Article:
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Our hopes and fears for 2022

  • 14 January 2022
Across the globe, in times of plenty and times of famine, homo sapiens used to huddle together around comforting fires to share stories and nourishment, all the while projecting their hopes for the coming season. The coming year: what would it allow or provide? New ways to hunt? New fruits to gather, quadrupeds to chase down, fish to splash after, flighty creatures to throw things at, or crops to plant?

We’ve been in a pressure cooker, these past two years. More than a score of historians had memorably described 2020 as the sixth-most ‘stressful year ever’. With that in mind, Eureka Street has entrusted me with a chance to prognosticate; I have looked dimly through the glassy eyes of New Year’s Eve towards the riches and perils of 2022, I have donned my baggy green thinking cap, consulted the familial spirits (enduring the spousal briefing on politely acceptable aspersions) and had a crack. Predictions and speculations look ahead; I looked at the past trends of the past two years and make these humble observations. With the stage set for dire times, here are six trends to look for. Here’s hoping.

More debt, less employment

Amidst the continuing COVID-19 uncertainty and economic instability, with projections that the federal and state governments will double their total indebtedness by 2024-25, there are the usual concerns that robots (read automation) will steal one in 10 Australian jobs. And, alarmingly for lovers of science fiction and excitingly for dystopians, artificial intelligence is touted as making our nation’s healthcare ‘more nimble, adaptive, personalised, safe and effective’. Will AI show any improvement on a federal government that has consistently under-ordered or slow-motioned products such as vaccines and tests? That remains to be seen.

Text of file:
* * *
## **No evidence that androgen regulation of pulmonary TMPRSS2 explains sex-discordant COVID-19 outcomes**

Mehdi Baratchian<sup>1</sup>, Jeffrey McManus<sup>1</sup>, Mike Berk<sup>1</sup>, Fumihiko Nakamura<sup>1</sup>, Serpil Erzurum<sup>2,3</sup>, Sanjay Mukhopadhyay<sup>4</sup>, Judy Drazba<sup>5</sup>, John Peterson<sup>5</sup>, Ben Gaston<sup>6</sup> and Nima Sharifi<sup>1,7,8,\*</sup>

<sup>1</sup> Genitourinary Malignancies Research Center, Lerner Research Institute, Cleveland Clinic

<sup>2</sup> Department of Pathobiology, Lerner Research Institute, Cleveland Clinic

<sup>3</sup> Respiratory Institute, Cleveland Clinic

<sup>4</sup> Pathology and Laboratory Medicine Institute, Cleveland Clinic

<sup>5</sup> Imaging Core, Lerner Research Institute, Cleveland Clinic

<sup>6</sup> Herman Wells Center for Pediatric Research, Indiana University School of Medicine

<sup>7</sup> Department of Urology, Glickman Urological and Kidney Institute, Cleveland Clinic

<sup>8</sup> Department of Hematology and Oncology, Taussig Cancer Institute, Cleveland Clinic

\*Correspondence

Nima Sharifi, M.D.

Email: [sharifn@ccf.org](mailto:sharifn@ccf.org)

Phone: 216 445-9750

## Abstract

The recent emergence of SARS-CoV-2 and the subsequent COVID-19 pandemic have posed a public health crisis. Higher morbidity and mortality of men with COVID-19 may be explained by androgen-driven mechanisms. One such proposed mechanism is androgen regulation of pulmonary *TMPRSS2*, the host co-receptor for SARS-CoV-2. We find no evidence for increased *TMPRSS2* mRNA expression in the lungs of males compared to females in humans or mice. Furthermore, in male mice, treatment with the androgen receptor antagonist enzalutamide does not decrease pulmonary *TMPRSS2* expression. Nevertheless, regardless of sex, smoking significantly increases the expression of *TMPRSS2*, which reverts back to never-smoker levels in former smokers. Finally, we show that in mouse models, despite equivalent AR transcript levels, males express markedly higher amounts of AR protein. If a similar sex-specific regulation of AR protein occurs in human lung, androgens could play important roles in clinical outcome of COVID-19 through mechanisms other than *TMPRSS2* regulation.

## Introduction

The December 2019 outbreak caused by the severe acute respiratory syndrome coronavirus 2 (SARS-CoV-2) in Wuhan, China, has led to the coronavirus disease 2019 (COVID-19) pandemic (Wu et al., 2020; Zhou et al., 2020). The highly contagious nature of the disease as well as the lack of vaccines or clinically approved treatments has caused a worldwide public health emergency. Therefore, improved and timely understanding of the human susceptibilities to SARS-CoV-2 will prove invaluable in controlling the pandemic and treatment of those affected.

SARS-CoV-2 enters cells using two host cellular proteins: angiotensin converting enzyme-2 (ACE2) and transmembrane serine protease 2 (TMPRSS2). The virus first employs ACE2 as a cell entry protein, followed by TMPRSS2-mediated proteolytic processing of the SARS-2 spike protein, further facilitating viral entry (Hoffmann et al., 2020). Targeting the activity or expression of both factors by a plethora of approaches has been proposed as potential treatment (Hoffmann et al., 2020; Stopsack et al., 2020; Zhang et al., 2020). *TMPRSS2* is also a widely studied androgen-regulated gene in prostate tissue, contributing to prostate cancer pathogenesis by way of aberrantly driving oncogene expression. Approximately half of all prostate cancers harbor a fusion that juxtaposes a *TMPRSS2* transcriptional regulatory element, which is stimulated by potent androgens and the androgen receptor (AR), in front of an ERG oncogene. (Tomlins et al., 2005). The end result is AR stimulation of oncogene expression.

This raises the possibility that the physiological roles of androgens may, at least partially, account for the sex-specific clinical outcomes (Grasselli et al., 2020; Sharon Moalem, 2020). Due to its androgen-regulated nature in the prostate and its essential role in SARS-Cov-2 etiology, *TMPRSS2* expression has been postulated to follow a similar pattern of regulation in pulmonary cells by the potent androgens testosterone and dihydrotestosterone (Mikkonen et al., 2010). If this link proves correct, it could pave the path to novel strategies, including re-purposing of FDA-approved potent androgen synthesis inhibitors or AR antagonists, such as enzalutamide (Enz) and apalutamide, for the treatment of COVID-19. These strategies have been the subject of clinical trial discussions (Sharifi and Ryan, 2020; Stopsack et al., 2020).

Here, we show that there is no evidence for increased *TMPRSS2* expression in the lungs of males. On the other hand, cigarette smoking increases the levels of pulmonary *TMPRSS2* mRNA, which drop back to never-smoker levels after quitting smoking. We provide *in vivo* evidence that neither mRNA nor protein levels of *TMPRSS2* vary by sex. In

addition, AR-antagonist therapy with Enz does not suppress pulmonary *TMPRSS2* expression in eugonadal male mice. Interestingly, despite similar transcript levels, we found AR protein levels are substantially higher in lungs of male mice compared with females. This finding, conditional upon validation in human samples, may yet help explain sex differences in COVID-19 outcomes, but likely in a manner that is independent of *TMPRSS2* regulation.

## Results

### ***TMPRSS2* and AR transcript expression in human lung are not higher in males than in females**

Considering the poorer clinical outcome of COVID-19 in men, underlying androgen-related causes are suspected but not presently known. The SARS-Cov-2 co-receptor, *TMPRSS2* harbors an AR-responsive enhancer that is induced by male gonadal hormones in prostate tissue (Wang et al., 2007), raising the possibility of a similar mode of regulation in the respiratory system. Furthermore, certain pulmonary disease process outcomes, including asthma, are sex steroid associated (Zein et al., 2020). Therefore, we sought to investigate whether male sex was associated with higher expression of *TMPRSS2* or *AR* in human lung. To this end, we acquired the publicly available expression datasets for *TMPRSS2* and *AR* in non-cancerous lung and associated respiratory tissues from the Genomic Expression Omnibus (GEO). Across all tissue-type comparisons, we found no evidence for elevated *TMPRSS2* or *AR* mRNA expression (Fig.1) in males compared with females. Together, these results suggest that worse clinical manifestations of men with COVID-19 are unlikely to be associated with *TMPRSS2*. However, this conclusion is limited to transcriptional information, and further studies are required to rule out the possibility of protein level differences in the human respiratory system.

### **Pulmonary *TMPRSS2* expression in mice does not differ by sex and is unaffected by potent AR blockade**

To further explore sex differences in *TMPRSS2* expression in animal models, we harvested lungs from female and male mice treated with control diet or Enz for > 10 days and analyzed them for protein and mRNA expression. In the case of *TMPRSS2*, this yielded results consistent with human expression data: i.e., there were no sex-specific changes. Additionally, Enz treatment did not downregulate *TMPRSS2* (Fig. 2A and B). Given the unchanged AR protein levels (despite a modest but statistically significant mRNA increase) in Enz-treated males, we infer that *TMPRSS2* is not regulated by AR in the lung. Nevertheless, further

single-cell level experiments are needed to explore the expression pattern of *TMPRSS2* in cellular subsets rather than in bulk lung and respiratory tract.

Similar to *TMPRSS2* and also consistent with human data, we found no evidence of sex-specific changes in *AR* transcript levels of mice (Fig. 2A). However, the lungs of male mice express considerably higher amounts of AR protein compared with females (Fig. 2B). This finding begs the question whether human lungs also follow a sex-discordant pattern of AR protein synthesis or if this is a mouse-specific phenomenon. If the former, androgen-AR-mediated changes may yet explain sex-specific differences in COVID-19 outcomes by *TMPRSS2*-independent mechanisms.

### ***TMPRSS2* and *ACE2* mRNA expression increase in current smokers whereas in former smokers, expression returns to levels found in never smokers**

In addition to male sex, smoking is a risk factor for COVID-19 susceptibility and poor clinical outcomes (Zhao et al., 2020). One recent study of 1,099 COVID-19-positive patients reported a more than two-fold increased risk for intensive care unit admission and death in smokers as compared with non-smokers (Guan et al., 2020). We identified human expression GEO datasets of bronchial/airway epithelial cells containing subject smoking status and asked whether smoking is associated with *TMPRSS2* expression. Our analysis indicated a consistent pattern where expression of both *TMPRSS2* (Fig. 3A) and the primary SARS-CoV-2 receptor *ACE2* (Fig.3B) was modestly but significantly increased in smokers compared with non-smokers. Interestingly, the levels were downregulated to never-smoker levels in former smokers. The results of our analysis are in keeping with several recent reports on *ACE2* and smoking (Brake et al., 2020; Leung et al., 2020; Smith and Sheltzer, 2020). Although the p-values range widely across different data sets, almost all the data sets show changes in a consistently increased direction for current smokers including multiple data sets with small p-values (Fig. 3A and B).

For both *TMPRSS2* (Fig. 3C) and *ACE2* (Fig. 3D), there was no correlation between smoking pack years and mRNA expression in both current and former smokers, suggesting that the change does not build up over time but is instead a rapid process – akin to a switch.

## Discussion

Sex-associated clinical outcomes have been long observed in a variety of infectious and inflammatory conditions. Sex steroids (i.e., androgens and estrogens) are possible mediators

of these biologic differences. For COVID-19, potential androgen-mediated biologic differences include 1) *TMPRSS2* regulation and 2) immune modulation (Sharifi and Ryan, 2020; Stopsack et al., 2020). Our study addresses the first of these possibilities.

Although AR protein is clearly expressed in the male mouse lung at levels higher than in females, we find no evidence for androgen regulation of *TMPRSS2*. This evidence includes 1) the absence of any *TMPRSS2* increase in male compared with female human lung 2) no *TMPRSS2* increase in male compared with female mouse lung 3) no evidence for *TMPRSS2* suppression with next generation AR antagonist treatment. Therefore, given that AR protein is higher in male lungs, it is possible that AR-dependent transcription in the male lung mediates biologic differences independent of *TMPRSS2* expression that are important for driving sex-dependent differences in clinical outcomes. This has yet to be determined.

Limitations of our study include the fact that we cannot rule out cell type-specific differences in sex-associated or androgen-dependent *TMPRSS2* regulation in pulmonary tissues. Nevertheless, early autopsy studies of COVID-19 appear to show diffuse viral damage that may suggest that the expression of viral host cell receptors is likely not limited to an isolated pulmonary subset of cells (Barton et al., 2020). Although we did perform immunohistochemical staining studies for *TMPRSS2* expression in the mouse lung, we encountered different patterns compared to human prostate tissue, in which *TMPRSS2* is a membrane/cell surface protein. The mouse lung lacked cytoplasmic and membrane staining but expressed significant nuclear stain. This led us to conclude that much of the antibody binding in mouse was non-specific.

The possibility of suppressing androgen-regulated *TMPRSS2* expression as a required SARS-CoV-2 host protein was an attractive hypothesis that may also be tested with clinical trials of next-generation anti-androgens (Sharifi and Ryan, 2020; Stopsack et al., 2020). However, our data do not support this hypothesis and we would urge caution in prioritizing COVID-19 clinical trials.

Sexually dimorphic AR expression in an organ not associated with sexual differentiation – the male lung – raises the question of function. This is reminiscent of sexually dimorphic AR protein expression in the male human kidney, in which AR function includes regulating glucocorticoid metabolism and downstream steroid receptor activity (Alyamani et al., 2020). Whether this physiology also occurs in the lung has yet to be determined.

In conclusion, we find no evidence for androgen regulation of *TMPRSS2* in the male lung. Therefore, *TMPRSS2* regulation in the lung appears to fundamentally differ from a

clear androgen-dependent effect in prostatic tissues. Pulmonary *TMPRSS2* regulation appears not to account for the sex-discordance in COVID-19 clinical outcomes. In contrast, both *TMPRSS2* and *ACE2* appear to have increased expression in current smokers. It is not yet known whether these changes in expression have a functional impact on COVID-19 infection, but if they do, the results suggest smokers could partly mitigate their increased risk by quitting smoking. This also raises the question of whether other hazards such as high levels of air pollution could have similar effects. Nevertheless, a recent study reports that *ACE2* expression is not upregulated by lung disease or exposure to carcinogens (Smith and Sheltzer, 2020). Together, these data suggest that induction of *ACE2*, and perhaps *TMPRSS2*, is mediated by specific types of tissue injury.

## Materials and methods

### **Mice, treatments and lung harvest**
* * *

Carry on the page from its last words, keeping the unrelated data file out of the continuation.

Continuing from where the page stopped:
Less divisiveness, more kindness

We are scraping the bottom of the social welfare barrel, yet COVID-19 has apparently changed our nation’s social fabric, surprisingly, by seeing reports of higher rates of trust; this has been alongside peaks in social isolation and loneliness, with half of Australians reporting they feel ‘more lonely since the start of the pandemic’. If we can show kindness by sharing what we have as individuals, as friends, as families, as communities, subcultures and a society, perhaps we can start to address this. Unfortunately, that leads us to the next trend.

More scarcity, less equity

We will have less. And ‘we’ means poorer Australians. The pandemic has strained our capacity, rendering many people unemployed and the vast majority